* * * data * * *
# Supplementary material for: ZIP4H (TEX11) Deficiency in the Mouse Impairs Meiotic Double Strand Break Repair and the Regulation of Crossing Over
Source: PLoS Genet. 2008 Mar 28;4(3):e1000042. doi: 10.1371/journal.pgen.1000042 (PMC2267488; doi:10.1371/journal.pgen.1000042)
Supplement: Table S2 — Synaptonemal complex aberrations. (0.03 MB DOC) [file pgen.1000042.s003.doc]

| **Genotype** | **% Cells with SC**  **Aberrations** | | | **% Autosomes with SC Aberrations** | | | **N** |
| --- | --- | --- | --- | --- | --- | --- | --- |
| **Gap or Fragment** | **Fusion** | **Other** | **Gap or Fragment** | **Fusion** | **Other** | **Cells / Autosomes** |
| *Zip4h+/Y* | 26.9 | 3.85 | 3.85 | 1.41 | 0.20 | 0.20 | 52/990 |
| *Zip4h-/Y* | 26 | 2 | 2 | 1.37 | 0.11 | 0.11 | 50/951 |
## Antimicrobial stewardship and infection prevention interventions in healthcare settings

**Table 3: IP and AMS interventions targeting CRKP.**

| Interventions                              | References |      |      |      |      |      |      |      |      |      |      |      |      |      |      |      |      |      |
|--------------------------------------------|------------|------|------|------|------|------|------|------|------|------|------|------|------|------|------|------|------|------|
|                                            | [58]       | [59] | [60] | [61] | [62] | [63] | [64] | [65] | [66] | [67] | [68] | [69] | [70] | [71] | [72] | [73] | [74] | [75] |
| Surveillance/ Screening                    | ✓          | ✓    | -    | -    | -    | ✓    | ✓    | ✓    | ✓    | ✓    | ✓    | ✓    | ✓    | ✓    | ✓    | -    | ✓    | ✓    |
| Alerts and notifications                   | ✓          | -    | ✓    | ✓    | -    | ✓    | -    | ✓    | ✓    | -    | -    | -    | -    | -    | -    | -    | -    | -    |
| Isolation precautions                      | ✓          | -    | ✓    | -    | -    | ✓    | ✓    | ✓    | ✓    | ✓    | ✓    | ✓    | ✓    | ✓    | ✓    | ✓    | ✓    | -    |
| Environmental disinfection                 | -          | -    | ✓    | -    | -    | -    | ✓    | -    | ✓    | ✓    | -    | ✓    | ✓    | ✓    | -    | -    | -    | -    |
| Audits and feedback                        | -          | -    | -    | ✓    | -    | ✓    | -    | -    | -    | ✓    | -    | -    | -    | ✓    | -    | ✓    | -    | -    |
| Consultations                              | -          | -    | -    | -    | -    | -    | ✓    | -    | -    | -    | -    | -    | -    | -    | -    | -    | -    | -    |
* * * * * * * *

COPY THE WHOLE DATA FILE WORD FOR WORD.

# Supplementary material for: ZIP4H (TEX11) Deficiency in the Mouse Impairs Meiotic Double Strand Break Repair and the Regulation of Crossing Over
Source: PLoS Genet. 2008 Mar 28;4(3):e1000042. doi: 10.1371/journal.pgen.1000042 (PMC2267488; doi:10.1371/journal.pgen.1000042)
Supplement: Table S2 — Synaptonemal complex aberrations. (0.03 MB DOC) [file pgen.1000042.s003.doc]

| **Genotype** | **% Cells with SC**  **Aberrations** | | | **% Autosomes with SC Aberrations** | | | **N** |
| --- | --- | --- | --- | --- | --- | --- | --- |
| **Gap or Fragment** | **Fusion** | **Other** | **Gap or Fragment** | **Fusion** | **Other** | **Cells / Autosomes** |
| *Zip4h+/Y* | 26.9 | 3.85 | 3.85 | 1.41 | 0.20 | 0.20 | 52/990 |
| *Zip4h-/Y* | 26 | 2 | 2 | 1.37 | 0.11 | 0.11 | 50/951 |
## Antimicrobial stewardship and infection prevention interventions in healthcare settings

**Table 3: IP and AMS interventions targeting CRKP.**

| Interventions                              | References |      |      |      |      |      |      |      |      |      |      |      |      |      |      |      |      |      |
|--------------------------------------------|------------|------|------|------|------|------|------|------|------|------|------|------|------|------|------|------|------|------|
|                                            | [58]       | [59] | [60] | [61] | [62] | [63] | [64] | [65] | [66] | [67] | [68] | [69] | [70] | [71] | [72] | [73] | [74] | [75] |
| Surveillance/ Screening                    | ✓          | ✓    | -    | -    | -    | ✓    | ✓    | ✓    | ✓    | ✓    | ✓    | ✓    | ✓    | ✓    | ✓    | -    | ✓    | ✓    |
| Alerts and notifications                   | ✓          | -    | ✓    | ✓    | -    | ✓    | -    | ✓    | ✓    | -    | -    | -    | -    | -    | -    | -    | -    | -    |
| Isolation precautions                      | ✓          | -    | ✓    | -    | -    | ✓    | ✓    | ✓    | ✓    | ✓    | ✓    | ✓    | ✓    | ✓    | ✓    | ✓    | ✓    | -    |
| Environmental disinfection                 | -          | -    | ✓    | -    | -    | -    | ✓    | -    | ✓    | ✓    | -    | ✓    | ✓    | ✓    | -    | -    | -    | -    |
| Audits and feedback                        | -          | -    | -    | ✓    | -    | ✓    | -    | -    | -    | ✓    | -    | -    | -    | ✓    | -    | ✓    | -    | -    |
| Consultations                              | -          | -    | -    | -    | -    | -    | ✓    | -    | -    | -    | -    | -    | -    | -    | -    | -    | -    | -    |